When shopping for new-construction or for replacement windows, you have a choice of several different materials in the window frames. Wood windows are still available, but windows framed with aluminum, vinyl, fiberglass (or fiberglass composite) are also available.
Increasingly, the choice comes down to vinyl or some variation of fiberglass or fiberglass composite. How do these materials compare when used for window frames and which one is better overall?
Vinyl windows are made from extruded polyvinyl chloride (PVC) as the base material. They may include metal as an internal structural element to stiffen the frames.
Vinyl windows first appeared in meaningful numbers in the early 1970s when consumers looked for energy-efficient alternatives during the energy crisis. Over time they've grown very popular, and vinyl windows make up more than half of residential window sales.
The main advantage of vinyl-framed windows is that they are affordable, costing only about half of wood-framed windows, on average. Vinyl windows, too, are energy efficient since they are fabricated using hollow cavities that can be filled with insulation to trap air which improves R-value. Vinyl windows can be fabricated to fit any opening size.
Vinyl windows never need to be painted. This advantage can be a parallel disadvantage, though, if you want to paint your vinyl windows. Vinyl windows can be painted, but not effectively as the paint will soon peel away.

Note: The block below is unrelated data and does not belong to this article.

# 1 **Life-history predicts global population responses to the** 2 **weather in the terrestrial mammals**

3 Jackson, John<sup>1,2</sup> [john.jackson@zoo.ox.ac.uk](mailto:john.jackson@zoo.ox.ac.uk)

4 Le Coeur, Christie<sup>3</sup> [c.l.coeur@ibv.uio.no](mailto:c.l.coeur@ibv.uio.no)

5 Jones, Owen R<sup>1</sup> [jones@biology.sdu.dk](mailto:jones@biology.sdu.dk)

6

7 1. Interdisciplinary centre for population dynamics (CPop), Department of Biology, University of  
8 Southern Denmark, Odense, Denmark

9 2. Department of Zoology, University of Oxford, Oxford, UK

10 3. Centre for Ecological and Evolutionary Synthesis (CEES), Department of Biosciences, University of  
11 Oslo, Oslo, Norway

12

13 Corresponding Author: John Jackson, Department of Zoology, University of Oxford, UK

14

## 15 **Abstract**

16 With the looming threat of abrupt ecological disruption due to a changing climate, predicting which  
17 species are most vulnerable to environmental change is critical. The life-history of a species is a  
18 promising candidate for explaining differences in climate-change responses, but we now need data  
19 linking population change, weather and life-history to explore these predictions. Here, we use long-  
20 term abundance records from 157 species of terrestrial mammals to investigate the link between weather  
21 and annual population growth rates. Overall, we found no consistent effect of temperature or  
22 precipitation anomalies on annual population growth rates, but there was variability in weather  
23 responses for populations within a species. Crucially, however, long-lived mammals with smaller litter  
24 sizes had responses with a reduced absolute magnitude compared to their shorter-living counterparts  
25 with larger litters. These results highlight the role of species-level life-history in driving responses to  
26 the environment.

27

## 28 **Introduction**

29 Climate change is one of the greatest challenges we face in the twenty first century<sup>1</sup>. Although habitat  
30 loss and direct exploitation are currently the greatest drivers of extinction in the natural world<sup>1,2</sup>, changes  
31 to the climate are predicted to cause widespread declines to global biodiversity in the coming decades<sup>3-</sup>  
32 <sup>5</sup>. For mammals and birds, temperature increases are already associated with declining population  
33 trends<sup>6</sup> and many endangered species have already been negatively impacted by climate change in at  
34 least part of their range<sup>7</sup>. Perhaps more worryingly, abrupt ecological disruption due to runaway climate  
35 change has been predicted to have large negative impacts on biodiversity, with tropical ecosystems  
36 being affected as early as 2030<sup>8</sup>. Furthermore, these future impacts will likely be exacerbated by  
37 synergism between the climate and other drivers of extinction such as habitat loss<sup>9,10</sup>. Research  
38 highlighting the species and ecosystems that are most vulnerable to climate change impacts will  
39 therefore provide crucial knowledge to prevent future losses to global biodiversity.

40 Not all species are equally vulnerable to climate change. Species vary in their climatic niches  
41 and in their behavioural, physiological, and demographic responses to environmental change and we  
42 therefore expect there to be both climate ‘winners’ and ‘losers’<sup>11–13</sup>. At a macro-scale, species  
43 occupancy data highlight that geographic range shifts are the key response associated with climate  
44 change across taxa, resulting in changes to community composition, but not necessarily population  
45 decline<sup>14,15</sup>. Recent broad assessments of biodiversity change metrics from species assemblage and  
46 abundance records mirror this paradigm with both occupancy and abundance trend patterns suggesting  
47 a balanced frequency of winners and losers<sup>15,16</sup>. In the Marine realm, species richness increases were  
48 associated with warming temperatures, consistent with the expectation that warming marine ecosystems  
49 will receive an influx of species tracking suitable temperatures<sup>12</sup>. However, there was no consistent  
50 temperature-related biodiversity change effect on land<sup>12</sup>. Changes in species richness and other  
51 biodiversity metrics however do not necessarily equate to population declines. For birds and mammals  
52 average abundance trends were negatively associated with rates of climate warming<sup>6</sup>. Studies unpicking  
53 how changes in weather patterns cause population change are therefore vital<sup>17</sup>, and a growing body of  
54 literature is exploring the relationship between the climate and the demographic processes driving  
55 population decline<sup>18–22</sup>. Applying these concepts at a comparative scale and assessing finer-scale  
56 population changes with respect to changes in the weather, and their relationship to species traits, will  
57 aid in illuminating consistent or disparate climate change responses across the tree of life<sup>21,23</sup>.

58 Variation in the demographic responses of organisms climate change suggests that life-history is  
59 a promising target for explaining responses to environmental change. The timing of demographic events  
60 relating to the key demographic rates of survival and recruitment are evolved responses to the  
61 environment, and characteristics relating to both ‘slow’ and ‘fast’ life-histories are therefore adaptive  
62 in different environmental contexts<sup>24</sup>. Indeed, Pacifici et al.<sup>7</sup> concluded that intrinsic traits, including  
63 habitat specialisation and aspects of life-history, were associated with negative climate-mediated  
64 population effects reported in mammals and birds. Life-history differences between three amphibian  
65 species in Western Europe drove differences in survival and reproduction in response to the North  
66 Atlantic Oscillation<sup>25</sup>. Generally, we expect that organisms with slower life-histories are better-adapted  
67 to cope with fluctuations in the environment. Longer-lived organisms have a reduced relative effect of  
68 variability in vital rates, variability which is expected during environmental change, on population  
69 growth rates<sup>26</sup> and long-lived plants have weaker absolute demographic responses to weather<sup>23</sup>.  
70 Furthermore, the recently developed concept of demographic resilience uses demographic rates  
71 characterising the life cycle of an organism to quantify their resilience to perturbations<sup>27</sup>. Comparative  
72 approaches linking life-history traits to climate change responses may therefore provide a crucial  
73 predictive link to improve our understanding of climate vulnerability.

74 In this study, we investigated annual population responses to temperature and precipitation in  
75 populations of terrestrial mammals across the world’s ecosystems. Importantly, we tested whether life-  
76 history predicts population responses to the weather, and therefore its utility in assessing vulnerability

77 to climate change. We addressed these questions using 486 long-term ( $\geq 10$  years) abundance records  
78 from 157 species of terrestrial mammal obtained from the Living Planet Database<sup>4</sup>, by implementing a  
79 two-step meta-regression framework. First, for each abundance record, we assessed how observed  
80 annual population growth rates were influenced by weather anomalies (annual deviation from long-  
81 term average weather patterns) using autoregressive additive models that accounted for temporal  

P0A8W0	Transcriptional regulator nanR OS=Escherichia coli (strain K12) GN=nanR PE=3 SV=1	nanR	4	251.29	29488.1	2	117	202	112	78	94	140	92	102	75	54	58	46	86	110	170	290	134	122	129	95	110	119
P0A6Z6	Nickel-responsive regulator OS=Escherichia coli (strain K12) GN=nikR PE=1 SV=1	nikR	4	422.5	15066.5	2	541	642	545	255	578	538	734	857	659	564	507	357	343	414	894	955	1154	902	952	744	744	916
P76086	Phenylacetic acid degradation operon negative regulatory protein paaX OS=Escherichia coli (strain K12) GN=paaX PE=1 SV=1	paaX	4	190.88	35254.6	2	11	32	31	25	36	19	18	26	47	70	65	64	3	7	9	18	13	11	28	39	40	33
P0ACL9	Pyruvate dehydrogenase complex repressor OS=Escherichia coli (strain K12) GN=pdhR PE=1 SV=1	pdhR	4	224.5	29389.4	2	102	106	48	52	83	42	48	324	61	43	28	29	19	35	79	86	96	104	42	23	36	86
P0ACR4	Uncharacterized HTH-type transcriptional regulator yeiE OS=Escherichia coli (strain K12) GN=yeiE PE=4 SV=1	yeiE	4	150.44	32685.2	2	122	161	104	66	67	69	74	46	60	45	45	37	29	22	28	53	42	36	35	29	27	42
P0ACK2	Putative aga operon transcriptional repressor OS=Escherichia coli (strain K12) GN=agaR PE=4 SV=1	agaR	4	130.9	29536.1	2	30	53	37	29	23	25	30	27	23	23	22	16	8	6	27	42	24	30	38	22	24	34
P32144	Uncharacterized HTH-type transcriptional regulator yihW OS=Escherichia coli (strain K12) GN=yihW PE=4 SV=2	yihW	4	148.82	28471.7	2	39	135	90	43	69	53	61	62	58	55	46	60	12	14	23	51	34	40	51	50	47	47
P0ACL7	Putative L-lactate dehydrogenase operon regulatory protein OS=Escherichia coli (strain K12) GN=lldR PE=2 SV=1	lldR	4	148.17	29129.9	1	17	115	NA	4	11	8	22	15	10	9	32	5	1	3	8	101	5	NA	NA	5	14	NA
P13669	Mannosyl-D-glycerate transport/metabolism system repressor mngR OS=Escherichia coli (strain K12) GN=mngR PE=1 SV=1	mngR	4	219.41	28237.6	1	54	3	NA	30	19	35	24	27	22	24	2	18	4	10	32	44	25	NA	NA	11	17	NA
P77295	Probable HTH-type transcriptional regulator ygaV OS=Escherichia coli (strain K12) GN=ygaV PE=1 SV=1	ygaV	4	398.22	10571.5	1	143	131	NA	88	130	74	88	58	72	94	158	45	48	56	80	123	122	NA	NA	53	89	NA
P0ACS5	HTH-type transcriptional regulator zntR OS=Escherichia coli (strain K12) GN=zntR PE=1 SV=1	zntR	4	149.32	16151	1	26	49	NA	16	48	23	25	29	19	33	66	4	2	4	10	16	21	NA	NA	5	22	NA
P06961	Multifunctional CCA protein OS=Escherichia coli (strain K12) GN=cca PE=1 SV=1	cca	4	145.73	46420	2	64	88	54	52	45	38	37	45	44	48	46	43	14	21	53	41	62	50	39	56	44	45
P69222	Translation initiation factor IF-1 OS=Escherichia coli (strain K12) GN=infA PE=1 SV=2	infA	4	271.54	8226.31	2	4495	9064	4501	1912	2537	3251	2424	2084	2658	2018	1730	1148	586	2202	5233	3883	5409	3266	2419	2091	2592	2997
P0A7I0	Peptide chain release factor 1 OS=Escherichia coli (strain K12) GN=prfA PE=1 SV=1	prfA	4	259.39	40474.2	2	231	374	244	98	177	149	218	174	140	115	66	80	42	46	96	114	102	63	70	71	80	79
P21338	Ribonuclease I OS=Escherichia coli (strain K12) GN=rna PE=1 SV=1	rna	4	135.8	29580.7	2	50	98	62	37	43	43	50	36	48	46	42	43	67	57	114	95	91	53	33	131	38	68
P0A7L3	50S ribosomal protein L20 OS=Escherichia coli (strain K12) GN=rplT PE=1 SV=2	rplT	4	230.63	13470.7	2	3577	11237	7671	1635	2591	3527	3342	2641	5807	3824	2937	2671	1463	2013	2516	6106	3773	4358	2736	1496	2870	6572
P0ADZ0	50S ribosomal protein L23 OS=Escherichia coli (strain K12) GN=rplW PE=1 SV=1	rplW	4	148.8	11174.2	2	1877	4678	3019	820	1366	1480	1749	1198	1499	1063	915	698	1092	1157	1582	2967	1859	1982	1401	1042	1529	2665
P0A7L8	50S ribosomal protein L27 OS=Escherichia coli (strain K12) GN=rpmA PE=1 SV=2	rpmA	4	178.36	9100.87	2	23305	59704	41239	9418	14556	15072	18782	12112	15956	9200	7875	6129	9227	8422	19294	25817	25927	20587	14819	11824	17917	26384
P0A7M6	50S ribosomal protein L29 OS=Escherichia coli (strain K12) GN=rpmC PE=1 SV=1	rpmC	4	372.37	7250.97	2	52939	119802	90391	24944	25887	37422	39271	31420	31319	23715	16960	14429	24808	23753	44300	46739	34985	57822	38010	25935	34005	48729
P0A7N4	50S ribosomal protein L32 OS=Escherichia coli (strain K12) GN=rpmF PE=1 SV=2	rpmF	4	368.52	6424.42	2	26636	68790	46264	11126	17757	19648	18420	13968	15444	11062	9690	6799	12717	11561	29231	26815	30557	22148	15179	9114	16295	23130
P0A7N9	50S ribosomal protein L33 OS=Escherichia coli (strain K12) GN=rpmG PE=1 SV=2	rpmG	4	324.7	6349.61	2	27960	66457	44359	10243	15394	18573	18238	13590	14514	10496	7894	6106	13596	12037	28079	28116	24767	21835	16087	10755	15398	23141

Painting not needed
Weaker structure than fiberglass
Cannot be painted
Where vinyl windows succeeded in building a customer base that did not exist before, fiberglass frame windows took it to the next step.
Fiberglass is created when polyester resins are activated by a catalyst and then pultruded, or pulled, through a heated die. Strands of glass or glass mats are impregnated with resins. The finished product is called a lineal and it is machinable and can be shaped. Fiberglass has long been used to create ultra-strong, lightweight materials for skis, surfboards, and canoes.
Fiberglass (and fiberglass-composite windows) began to gain popularity around 2000.
During vinyl's lifespan, it progressively loses its resiliency—a drawback that fiberglass does not have. Fiberglass is also stronger than vinyl. Fiberglass windows also can accomplish the same level of energy-efficiency with smaller frames with a lower profile, making fiberglass frames a more attractive option. And fiberglass can be fabricated in a manner that closely resembles wood—right down to being able to paint it different colors.
Recent fiberglass windows are more accurately described as fiberglass composites since they are fabricated with a mixture of fiberglass and polyester resins. Stronger than wood and occupying a price range between vinyl and wood, fiberglass-framed windows are an increasingly popular choice.